Eluana Englaro’s Life in Jeopardy Again, New Region Will Follow Order to Kill Her
by Steven Ertelt
January 22, 2009
Rome, Italy (LifeNews.com) — Eluana Englaro’s life is in jeopardy again as a new region has stepped up and said it would follow the court ruling allowing the disabled woman’s father to take her life. The battle, similar to the one fought over Terri Schiavo, involves a father’s request to kill his daughter via a painful starvation and dehydration death.
Englaro has been in what doctors term a so-called "vegetative state" following a car accident and has received food and water via a feeding tube.
In November, the highest court in Italy granted Englaro’s father the right to kill her via euthanasia by removing her feeding tube.
After that, officials in Milan, the capital of the Lombardy region where Englaro is hospitalized, has since barred hospitals under its control from carrying out the decision.
Now, officials in the northwestern Piedmont region are ready to help her father take her life.
Piedmont’s governor Mercedes Bresso told AFP "Eluana’s tragic story has become unbearable for a civilized country, from a legal and human point of view."
He said the region was ready to get involved because of "the lengthy legal battle followed by the disrespect of the father’s rights."
An attorney representing Englaro’s father told AFP that he is considering the offer.
"The offer from Piedmont is a first step forward. We will examine it, but we are being cautious because being at the head of a region does not mean you have all the powers," Vittorio Angiolini told AFP.
Several other regions had offered to help but changed their minds when Health Minister Maurizio Sacconi pressured them to reserve their positions. Sacconi warned that hospitals receiving government funds would face consequences for killing the disabled woman.
Recently, a group of more than 700 doctors in Italy signed their names to a letter supporting Eluana Englaro’s right to life.
The letter says that physicians have a duty to help people who can’t feed themselves and that removing her food and water would go against the World Medical Association’s 1964 Helsinki declaration.
The Italian nuns at the Blessed Luigi Talamoni clinic in Lecco, Lombardy who are caring for Englaro refuse to withdraw her food and medical care.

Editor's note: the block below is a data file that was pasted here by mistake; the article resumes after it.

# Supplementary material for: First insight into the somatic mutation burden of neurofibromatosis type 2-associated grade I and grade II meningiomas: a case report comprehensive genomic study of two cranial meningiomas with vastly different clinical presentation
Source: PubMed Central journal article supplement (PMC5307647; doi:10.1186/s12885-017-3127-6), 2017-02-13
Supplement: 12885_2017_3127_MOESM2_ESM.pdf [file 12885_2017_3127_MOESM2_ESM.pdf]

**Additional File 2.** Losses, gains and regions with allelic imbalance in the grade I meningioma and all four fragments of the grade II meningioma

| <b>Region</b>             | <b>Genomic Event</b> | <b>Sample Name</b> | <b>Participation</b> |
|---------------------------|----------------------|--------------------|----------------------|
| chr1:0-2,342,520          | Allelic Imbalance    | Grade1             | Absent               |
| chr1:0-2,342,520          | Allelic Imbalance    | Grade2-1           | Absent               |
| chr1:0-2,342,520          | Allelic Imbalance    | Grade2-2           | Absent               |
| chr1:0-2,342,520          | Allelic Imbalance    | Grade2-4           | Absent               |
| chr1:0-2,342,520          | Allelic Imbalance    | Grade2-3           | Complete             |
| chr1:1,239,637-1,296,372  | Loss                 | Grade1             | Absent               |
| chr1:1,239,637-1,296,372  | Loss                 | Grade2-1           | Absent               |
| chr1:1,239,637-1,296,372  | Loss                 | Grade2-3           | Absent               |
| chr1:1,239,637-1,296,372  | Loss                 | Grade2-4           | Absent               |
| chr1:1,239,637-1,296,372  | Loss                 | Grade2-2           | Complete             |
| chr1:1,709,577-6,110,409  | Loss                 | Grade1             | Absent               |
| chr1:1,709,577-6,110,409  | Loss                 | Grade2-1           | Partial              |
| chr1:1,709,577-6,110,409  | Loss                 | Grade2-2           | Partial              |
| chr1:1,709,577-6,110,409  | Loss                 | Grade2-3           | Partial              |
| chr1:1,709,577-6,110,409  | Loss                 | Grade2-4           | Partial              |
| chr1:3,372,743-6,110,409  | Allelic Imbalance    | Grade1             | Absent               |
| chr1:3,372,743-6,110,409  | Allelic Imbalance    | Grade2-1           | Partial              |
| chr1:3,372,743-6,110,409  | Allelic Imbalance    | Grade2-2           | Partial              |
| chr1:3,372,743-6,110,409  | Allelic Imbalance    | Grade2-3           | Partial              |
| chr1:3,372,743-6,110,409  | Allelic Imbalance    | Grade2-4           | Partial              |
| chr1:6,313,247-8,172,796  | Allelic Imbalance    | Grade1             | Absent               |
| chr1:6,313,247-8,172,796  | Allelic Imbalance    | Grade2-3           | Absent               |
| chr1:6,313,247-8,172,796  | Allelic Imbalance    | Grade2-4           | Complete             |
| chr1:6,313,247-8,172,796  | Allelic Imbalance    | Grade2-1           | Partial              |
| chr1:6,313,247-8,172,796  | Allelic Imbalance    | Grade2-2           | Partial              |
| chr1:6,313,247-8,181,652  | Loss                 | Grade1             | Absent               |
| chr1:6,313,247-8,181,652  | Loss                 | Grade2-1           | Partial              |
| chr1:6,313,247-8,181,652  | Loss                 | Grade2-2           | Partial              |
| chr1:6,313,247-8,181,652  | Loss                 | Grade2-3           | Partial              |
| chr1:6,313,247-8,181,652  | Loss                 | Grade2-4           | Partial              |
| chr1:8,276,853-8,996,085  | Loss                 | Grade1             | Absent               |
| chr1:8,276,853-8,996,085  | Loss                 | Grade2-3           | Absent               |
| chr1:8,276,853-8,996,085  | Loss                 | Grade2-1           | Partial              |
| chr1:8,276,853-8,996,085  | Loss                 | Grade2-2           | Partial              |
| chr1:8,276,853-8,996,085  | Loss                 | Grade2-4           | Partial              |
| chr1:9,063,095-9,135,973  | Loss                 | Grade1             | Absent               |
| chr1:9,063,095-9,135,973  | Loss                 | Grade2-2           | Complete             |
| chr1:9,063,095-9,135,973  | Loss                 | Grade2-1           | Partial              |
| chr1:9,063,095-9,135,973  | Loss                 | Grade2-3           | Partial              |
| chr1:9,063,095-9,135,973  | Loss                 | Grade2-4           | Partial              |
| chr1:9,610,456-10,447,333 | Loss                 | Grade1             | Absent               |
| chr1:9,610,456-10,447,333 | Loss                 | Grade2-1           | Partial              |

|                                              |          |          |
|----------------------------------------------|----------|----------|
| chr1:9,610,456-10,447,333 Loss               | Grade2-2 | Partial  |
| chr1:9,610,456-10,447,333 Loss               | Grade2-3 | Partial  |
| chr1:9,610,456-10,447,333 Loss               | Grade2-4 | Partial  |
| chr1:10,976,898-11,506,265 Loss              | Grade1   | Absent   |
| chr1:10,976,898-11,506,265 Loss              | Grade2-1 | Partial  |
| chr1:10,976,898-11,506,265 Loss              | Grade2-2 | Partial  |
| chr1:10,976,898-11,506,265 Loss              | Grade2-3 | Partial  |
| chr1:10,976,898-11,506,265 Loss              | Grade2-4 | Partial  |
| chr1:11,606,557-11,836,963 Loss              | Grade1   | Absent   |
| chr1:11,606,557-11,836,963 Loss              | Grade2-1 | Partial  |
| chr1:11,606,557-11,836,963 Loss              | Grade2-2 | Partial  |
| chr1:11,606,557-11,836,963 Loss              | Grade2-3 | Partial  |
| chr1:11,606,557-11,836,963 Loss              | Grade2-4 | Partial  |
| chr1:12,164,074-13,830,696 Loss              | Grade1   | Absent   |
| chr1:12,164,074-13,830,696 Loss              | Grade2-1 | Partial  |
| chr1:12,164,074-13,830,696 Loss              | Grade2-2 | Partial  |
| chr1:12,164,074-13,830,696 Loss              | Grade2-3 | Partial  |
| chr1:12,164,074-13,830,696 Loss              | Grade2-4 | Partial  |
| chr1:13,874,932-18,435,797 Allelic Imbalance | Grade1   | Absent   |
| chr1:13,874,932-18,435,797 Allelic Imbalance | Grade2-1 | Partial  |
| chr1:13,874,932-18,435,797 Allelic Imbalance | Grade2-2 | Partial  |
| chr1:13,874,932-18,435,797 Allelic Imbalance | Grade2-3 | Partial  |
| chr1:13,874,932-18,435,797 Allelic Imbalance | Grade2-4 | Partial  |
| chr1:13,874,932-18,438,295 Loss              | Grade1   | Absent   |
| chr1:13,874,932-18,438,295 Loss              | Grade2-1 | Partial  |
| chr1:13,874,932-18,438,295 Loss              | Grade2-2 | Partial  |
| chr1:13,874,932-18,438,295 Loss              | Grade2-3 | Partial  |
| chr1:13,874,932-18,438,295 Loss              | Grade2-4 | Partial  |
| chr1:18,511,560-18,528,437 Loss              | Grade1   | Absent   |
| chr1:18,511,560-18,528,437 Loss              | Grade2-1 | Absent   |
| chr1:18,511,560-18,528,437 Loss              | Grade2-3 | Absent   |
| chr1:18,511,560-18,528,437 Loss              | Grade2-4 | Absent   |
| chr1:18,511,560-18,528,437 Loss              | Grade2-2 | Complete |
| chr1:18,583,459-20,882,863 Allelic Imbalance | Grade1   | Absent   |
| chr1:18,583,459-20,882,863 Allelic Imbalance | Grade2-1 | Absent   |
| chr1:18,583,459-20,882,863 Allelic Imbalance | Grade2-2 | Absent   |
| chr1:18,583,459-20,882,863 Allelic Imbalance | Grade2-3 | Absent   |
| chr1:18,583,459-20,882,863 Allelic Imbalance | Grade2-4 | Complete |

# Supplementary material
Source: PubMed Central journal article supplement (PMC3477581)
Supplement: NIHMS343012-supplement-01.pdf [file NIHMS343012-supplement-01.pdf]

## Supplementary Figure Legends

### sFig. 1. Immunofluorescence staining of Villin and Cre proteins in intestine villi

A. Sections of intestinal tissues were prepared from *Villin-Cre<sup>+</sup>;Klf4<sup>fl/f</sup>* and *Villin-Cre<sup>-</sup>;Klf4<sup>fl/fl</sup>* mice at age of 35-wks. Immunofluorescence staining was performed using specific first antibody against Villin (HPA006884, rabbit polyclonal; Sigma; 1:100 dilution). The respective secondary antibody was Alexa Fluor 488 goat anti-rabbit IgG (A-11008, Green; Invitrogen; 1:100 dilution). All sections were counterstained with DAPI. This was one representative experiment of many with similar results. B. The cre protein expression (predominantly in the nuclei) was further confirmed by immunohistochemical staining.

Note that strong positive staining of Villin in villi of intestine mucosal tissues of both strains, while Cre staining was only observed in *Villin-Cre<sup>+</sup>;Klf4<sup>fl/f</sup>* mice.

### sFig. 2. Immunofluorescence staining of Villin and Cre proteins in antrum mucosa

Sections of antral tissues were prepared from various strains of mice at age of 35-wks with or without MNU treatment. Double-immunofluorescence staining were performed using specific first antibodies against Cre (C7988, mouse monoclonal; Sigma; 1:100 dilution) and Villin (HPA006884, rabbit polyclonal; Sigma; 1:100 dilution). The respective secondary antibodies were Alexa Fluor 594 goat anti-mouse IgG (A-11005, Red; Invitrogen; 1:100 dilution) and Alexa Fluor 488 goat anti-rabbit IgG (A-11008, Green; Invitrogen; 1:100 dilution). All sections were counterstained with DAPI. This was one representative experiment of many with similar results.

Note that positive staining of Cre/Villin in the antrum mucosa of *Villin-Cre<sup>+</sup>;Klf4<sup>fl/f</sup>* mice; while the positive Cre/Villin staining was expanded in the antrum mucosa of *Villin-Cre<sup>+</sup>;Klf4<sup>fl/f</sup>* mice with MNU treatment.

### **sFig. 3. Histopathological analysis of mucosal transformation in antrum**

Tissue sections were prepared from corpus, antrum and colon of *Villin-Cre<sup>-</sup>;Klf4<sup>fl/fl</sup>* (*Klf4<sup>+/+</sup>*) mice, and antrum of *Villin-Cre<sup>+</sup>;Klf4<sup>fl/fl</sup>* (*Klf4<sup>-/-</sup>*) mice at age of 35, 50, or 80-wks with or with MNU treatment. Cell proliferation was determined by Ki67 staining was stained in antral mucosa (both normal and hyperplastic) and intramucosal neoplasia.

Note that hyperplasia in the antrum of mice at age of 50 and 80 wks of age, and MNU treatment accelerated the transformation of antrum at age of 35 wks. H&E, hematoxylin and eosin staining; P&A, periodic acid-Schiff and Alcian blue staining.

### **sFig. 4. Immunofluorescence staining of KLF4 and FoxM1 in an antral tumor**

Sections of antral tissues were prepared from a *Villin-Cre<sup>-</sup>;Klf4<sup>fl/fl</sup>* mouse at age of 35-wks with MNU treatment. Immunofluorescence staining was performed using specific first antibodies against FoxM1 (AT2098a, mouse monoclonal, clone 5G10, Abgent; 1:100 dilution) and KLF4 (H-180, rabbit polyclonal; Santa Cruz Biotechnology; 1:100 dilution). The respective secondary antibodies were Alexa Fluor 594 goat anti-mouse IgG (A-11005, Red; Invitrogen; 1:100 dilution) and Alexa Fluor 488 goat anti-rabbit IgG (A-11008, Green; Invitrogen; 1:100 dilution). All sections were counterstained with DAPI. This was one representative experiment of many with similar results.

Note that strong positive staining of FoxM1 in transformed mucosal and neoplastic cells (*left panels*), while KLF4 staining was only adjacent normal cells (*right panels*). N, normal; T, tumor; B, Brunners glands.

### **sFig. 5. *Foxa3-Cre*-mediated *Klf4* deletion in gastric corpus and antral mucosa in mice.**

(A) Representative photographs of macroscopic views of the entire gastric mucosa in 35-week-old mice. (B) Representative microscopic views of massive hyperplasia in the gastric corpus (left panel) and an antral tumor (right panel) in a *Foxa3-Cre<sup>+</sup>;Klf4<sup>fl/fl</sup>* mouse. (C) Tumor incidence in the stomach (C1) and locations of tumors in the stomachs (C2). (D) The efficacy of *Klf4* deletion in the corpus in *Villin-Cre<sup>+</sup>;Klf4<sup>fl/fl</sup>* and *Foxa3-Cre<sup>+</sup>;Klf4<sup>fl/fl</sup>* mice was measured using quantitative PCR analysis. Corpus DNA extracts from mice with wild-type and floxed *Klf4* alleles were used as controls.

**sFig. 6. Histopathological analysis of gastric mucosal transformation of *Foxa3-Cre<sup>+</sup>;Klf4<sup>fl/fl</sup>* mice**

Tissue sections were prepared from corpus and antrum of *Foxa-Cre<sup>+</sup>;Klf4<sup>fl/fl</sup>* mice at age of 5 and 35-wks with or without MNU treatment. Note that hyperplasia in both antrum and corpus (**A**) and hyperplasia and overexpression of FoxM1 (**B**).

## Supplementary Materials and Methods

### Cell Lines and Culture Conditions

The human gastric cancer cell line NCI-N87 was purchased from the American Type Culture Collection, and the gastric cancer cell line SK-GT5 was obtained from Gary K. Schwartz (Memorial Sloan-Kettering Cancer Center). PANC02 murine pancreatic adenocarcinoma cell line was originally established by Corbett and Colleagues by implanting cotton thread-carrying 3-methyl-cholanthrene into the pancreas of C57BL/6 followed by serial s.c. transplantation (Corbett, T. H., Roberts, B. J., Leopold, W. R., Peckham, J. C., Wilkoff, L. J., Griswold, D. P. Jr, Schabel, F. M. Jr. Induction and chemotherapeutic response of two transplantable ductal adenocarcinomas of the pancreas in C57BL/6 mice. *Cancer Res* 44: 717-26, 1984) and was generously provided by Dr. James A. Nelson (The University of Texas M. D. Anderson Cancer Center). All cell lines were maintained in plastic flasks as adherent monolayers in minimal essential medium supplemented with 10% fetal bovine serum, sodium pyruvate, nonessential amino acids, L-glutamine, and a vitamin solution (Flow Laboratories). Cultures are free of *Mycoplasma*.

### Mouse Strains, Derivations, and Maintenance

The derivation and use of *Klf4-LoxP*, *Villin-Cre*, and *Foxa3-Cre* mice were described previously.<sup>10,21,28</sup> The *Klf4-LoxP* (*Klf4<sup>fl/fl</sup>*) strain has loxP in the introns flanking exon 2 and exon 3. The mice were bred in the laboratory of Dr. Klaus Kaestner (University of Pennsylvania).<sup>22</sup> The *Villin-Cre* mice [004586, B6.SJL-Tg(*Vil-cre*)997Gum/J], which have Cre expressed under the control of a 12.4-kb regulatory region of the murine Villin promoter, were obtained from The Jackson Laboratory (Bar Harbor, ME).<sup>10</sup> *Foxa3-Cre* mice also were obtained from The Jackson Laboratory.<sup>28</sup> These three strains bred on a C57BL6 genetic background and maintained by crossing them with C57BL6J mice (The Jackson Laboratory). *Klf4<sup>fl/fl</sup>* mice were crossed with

Cardinal Dionigi Tettamanzi, the archbishop of Milan, says he is hoping civil authorities will "change their minds" about allowing "a beloved creature of God" to be deprived of food and water.
Both the government and Catholic officials are worried the Englaro decision will pave the way for a court ruling or legislation in the Italian parliament that would legalize assisted suicide or euthanasia.
Some pro-life advocates are looking at the legal possibility of getting appointed as Eluana’s guardian, replacing the decision-making of her father, or taking her case to the European Court of Human Rights at Strasbourg.
If the feeding tube is pulled, Englaro will be starved and dehydrated to death in the same painful manner that took Terri Schiavo’s life over the course of 13 days four years ago.
Under Italian law, killing a patient via direct euthanasia with an overdose of drugs is illegal and patients have a right to refuse treatment, but the law doesn’t address cases like Englaro’s when patients are unable to make their own medical decisions.
Last year, some of Italy’s leading neurologists said Englaro should not be killed and they questioned whether she is in a persistent vegetative state.
"She is not a person in coma, or a terminal patient, but a severely handicapped person in need of special basic care, as occurs in many other situations of serious injuries to parts of the brain that limit the capacity of communication and self-sustenance," they said, according to a Zenit report.
"A patient’s nutrition and hydration, even if assisted, cannot be confused with medical treatment; they have always constituted the fundamental elements of care, precisely because they are indispensable for every human being, whether healthy or sick," they went on to say.
"The tube through which nourishment is received does not alter this elementary truth; rather, it can be compared to a prosthesis or any other type of aid," they explained.
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